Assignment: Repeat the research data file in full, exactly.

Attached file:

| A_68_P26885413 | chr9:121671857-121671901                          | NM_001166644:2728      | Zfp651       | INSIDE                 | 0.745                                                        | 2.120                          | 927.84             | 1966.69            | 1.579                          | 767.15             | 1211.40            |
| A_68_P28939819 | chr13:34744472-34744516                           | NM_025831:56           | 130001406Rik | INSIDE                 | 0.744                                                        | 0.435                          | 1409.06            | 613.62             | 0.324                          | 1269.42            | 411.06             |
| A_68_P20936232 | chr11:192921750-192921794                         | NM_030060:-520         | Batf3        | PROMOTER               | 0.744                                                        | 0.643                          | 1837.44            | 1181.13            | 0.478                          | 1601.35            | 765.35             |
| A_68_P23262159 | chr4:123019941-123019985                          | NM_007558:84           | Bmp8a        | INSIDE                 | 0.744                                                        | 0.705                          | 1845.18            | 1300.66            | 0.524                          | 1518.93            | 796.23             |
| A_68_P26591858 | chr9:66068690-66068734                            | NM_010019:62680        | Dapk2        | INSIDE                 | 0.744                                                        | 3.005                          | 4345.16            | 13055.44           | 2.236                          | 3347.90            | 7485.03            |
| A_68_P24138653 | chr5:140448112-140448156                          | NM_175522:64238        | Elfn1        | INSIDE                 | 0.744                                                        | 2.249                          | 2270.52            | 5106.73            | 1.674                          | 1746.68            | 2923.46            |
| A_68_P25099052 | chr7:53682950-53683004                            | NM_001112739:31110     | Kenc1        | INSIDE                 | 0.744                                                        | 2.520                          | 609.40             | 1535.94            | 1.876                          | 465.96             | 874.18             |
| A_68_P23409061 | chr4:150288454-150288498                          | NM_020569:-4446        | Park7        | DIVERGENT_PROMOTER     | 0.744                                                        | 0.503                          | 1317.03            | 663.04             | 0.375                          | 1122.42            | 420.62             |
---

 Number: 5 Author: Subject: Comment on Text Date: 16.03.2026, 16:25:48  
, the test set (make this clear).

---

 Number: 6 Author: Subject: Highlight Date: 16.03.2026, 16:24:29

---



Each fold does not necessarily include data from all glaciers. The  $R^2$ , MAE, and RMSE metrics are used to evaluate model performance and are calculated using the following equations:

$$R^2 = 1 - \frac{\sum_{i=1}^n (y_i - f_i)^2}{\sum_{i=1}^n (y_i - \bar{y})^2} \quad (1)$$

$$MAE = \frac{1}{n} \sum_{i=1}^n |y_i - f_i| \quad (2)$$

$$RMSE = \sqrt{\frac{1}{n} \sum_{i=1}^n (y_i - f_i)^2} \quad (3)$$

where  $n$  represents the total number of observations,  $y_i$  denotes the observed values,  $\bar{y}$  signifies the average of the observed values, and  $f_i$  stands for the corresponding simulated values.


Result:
| A_68_P26885413 | chr9:121671857-121671901                          | NM_001166644:2728      | Zfp651       | INSIDE                 | 0.745                                                        | 2.120                          | 927.84             | 1966.69            | 1.579                          | 767.15             | 1211.40            |
| A_68_P28939819 | chr13:34744472-34744516                           | NM_025831:56           | 130001406Rik | INSIDE                 | 0.744                                                        | 0.435                          | 1409.06            | 613.62             | 0.324                          | 1269.42            | 411.06             |
| A_68_P20936232 | chr11:192921750-192921794                         | NM_030060:-520         | Batf3        | PROMOTER               | 0.744                                                        | 0.643                          | 1837.44            | 1181.13            | 0.478                          | 1601.35            | 765.35             |
| A_68_P23262159 | chr4:123019941-123019985                          | NM_007558:84           | Bmp8a        | INSIDE                 | 0.744                                                        | 0.705                          | 1845.18            | 1300.66            | 0.524                          | 1518.93            | 796.23             |
| A_68_P26591858 | chr9:66068690-66068734                            | NM_010019:62680        | Dapk2        | INSIDE                 | 0.744                                                        | 3.005                          | 4345.16            | 13055.44           | 2.236                          | 3347.90            | 7485.03            |
| A_68_P24138653 | chr5:140448112-140448156                          | NM_175522:64238        | Elfn1        | INSIDE                 | 0.744                                                        | 2.249                          | 2270.52            | 5106.73            | 1.674                          | 1746.68            | 2923.46            |
| A_68_P25099052 | chr7:53682950-53683004                            | NM_001112739:31110     | Kenc1        | INSIDE                 | 0.744                                                        | 2.520                          | 609.40             | 1535.94            | 1.876                          | 465.96             | 874.18             |
| A_68_P23409061 | chr4:150288454-150288498                          | NM_020569:-4446        | Park7        | DIVERGENT_PROMOTER     | 0.744                                                        | 0.503                          | 1317.03            | 663.04             | 0.375                          | 1122.42            | 420.62             |
---

 Number: 5 Author: Subject: Comment on Text Date: 16.03.2026, 16:25:48  
, the test set (make this clear).

---

 Number: 6 Author: Subject: Highlight Date: 16.03.2026, 16:24:29

---



Each fold does not necessarily include data from all glaciers. The  $R^2$ , MAE, and RMSE metrics are used to evaluate model performance and are calculated using the following equations:

$$R^2 = 1 - \frac{\sum_{i=1}^n (y_i - f_i)^2}{\sum_{i=1}^n (y_i - \bar{y})^2} \quad (1)$$

$$MAE = \frac{1}{n} \sum_{i=1}^n |y_i - f_i| \quad (2)$$

$$RMSE = \sqrt{\frac{1}{n} \sum_{i=1}^n (y_i - f_i)^2} \quad (3)$$

where  $n$  represents the total number of observations,  $y_i$  denotes the observed values,  $\bar{y}$  signifies the average of the observed values, and  $f_i$  stands for the corresponding simulated values.